Relationship with humans[edit]

Singer being trained for rare breed show competition

In highland areas, the dogs occasionally kept company with native humans, but more often they lived independently without masters. In the lowland villages, they were more apt to take up residence with the many native villagers who inhabited the area.[citation needed]

The onset of European culture with their domesticated dogs spelled the beginning of the end for pure New Guinea singing dogs in the lowlands. "Singing Dogs are very gentle and friendly with people, though inclined to be a bit shy with strangers at first," wrote New York owner Phillip Persky. "They are not at all aggressive with people" Sharon McKenzie said. "I've never heard of a case of a Singing Dog biting anyone." "They are notorious escape artists," Mr. Persky reported, "and can climb and jump with cat-like agility, so enclosures have to be secure." They are great diggers and can climb fences as easily as a squirrel. They can get through a space you would not have thought a snake could get through," Sharon laughed. "This is the only breed I know of in which bitches are dominant", Sharon observed. "Bitches really call the shots."[13]

According to reports from the late 1950s and mid-1970s, wild dogs believed to be singers were shy and avoided contact with humans. It was reported in the mid-1970s that the Kalam in the highlands of Papua caught young singers and raised them as hunting aids but did not breed them. Some of these dogs probably stayed with the Kalam and reproduced. The Eipo tribe kept and bred wild dogs as playmates for their children. Although the majority of the highland tribes never used village dogs as a food source, it is known that even today they attempt to catch, kill and eat wild dogs. Some local myths mention these dogs as bringers of fire and speech or as the spirits of the deceased. Dog-findings in archaeological sites of New Guinea are rare, mostly consisting of teeth (used as ornaments) and trophy-skulls. One grave has been discovered. The earliest singer remains was a tooth found in the lowlands. It was estimated to be about 5,500 years old. Findings from the highlands were thought to be of similar age, on a stratigraphical basis, but as of 2001 had not been dated. Since the beginning of the 20th century, the inhabitants of the highlands started to keep chickens, and singers had a penchant for poultry. To add to the problem, natives kept other domestic dogs. The crossbred dogs were generally larger in size, as well as less of a challenge to train, so they tended to be of more value than singing dogs. One might conclude that the relationship between the contemporary New Guineans and their dogs will give information about how they treated the singers, but modern "village dogs" are not genetically representative of pure New Guinea singing dogs.[12][15][16]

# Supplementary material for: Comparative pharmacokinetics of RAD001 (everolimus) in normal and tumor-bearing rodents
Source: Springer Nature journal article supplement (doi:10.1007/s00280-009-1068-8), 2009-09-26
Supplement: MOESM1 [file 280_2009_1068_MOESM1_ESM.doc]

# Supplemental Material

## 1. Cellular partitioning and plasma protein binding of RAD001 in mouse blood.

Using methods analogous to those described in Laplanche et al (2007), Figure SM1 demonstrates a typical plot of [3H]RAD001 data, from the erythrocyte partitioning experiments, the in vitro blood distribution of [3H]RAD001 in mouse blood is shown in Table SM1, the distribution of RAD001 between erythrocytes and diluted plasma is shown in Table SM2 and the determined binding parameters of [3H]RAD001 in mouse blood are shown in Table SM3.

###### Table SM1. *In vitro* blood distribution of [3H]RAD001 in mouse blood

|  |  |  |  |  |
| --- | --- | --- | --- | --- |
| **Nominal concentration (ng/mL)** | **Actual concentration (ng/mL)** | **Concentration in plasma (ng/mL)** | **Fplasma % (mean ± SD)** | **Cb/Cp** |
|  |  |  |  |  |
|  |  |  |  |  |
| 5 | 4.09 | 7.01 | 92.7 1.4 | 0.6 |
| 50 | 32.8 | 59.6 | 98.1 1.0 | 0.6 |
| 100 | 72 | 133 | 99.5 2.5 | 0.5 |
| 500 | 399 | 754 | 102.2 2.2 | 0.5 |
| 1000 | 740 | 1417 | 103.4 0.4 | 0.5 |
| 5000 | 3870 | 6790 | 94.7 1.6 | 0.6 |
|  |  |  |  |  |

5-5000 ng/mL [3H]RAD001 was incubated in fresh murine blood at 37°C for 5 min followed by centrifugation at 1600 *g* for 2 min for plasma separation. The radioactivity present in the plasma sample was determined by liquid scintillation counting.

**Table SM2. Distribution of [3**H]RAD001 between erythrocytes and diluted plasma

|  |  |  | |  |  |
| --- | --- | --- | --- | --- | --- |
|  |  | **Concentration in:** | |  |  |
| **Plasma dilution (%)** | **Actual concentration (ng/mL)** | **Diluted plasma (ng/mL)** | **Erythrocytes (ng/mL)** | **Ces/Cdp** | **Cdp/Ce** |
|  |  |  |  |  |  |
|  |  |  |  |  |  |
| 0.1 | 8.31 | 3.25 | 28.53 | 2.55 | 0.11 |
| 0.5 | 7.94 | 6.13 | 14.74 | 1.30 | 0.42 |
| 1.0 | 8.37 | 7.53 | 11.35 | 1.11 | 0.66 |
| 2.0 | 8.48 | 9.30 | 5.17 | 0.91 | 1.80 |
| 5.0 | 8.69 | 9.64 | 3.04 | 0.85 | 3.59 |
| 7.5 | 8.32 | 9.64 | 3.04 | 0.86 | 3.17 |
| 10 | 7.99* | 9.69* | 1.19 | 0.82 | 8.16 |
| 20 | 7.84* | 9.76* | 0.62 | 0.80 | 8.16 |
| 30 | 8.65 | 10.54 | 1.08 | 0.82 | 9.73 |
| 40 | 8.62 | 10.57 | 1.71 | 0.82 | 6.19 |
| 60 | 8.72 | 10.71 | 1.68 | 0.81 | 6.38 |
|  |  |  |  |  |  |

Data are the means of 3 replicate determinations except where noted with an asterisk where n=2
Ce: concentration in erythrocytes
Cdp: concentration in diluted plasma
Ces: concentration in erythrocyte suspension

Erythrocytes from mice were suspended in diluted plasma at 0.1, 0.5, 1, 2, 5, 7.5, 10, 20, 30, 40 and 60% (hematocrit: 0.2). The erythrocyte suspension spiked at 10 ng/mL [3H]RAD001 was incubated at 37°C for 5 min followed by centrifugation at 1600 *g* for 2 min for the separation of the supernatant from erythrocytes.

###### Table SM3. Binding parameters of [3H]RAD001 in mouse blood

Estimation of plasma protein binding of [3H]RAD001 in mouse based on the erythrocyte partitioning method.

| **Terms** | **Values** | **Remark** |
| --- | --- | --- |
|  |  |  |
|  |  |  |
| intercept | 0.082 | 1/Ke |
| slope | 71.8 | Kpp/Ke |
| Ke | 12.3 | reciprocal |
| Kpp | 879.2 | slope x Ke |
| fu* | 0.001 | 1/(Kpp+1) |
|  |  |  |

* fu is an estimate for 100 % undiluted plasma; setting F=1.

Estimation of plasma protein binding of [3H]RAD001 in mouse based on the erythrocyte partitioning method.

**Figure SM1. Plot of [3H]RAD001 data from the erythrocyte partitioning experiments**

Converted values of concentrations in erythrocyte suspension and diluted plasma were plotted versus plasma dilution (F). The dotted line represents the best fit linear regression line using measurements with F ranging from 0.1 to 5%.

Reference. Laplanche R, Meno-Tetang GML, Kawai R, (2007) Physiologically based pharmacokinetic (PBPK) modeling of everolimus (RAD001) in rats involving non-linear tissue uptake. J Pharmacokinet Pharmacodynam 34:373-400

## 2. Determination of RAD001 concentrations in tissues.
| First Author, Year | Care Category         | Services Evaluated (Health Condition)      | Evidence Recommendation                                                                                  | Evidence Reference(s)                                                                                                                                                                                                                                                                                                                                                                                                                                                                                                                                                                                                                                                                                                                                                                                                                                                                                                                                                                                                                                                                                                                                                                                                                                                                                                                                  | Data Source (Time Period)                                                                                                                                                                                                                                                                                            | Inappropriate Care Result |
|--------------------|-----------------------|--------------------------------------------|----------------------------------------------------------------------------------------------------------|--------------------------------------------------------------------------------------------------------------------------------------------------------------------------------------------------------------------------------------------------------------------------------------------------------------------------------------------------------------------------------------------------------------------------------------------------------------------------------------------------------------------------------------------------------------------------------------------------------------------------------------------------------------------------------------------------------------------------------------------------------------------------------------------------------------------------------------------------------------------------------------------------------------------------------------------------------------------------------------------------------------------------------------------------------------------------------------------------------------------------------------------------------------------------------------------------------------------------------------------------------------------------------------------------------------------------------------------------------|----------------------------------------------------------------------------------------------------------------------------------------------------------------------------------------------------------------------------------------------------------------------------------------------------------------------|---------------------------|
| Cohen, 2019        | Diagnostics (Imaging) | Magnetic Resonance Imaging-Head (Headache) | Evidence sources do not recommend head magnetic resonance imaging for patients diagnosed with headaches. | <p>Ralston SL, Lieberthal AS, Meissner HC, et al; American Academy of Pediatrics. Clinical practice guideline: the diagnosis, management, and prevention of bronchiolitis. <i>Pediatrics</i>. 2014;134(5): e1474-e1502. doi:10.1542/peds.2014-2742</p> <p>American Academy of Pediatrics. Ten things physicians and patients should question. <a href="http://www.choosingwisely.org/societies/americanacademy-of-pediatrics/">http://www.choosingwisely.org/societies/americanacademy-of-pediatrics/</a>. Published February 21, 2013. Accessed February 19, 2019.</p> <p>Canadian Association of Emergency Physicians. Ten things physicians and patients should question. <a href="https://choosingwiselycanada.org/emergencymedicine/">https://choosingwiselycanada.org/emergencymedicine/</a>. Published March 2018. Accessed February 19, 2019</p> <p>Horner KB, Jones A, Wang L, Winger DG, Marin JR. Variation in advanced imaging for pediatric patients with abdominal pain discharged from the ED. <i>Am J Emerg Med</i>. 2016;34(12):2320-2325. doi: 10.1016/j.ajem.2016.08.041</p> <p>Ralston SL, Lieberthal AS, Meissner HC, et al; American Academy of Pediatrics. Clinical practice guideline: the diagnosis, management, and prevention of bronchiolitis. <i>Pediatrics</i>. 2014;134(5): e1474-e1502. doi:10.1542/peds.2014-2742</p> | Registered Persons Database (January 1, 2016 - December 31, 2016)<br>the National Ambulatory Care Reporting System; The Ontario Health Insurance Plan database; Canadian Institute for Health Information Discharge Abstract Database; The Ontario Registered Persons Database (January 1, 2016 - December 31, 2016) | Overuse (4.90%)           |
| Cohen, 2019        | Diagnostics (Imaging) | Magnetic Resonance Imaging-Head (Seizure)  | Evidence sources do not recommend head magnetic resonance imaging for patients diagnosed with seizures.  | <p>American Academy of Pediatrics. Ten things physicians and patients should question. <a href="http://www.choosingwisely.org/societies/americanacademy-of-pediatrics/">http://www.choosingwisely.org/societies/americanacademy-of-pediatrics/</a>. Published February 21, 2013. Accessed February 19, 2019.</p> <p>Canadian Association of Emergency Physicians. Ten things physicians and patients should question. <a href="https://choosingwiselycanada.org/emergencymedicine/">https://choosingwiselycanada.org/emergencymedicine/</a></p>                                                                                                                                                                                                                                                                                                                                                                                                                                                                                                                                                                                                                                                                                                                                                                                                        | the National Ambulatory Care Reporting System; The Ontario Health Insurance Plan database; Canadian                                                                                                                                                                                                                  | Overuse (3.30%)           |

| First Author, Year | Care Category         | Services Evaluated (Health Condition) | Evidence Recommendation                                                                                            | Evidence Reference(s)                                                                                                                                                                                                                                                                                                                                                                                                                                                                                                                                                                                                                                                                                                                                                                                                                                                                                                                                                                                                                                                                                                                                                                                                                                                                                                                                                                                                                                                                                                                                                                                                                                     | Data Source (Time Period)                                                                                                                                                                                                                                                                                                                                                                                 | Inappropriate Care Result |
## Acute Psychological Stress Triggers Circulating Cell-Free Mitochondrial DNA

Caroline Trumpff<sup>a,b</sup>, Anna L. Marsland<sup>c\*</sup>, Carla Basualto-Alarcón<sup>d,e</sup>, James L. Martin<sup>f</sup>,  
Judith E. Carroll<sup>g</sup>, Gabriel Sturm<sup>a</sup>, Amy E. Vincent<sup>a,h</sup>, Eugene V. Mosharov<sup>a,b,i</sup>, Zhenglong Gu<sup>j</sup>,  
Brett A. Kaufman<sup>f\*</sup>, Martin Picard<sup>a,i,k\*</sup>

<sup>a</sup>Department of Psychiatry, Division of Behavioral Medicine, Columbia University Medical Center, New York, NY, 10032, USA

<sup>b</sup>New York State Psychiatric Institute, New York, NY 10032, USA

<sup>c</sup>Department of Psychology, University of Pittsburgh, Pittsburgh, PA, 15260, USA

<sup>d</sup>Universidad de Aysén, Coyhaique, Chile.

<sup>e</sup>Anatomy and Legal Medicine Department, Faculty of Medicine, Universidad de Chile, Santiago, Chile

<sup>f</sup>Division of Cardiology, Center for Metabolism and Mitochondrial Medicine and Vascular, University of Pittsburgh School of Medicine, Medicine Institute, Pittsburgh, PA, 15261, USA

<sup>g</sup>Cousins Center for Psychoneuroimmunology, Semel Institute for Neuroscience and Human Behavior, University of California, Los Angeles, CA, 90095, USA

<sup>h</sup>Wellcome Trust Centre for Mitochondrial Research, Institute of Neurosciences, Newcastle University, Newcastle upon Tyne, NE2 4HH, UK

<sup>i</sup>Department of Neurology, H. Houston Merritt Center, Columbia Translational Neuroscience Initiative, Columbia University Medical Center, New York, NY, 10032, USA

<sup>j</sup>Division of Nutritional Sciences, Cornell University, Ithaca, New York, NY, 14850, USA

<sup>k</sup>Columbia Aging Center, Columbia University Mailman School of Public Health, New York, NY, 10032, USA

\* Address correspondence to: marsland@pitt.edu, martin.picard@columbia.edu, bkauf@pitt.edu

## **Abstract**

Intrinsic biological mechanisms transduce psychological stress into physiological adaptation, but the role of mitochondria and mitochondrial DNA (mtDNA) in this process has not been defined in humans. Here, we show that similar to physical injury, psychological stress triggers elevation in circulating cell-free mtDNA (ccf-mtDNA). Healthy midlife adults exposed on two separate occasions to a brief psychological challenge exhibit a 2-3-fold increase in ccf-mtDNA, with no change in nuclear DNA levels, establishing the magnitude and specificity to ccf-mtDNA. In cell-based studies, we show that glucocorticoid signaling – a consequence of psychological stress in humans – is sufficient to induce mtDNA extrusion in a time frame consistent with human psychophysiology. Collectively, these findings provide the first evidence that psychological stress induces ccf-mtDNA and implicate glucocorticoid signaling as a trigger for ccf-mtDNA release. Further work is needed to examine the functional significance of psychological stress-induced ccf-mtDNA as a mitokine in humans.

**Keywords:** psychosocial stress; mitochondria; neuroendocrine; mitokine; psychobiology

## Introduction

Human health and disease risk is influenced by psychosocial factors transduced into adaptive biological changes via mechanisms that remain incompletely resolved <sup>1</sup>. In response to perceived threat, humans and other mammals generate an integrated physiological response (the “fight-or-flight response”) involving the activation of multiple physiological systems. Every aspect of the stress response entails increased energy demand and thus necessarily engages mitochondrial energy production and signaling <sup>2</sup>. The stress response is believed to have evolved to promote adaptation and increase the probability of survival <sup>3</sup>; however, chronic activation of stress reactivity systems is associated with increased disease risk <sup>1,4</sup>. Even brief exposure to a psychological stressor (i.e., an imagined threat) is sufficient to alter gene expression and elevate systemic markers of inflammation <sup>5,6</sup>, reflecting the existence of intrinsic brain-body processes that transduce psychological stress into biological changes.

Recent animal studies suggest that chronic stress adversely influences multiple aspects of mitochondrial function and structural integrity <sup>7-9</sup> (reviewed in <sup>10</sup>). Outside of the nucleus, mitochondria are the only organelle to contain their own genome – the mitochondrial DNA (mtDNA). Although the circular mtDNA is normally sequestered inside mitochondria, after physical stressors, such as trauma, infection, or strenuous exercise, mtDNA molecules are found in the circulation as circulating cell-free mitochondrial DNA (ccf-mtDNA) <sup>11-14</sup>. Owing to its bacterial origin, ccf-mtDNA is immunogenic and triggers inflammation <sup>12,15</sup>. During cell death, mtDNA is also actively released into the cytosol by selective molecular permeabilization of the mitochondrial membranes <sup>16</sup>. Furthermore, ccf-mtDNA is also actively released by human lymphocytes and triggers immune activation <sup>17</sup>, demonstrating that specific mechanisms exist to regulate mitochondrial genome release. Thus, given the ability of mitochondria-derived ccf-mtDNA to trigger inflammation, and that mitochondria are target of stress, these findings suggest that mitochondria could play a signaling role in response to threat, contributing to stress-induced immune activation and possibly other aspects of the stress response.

Conservation and preservation[edit]

A New Guinea singing dog at the Conservators Center in North Carolina
Old Dingo the New Guinea Singing Dog

In the past, the New Guinea singing dog was considered "unworthy" of scientific study, as it was regarded as an insignificant variety of feral domestic dog. However, due to its potential value as a resource for the determination of the process of canid evolution and domestication, particularly in relation to the dingo, as well as several of its unique genetic, behavioral, ecological, reproductive and morphological characteristics, limited research has been undertaken.[15] The New Guinea Department of Environment and Conservation has announced protection measures.[9]

Hybridization is one of the most serious threats facing the New Guinea dingo. NGD are handicapped, as are many canids such as the Australian dingo, by their susceptibility to being bred by canines other than those of their own kind. This vulnerability has and is still causing a "watering down " of dingo genes needed to maintain purity.

There are two organizations that exist for the sole purpose of conserving and preserving New Guinea singing dogs. The organizations, New Guinea Singing Dog Conservation Society founded in 1997[31] and New Guinea Singing Dog International, a preservation, captive breed, adoption and pet education group.[32] Both are based in the United States.

See also[edit]


  1. ^ Corbett, L.K. (2008). "Canis lupus ssp. dingo". IUCN Red List of Threatened Species. Version 2011.1. International Union for Conservation of Nature. Retrieved 13 August 2011.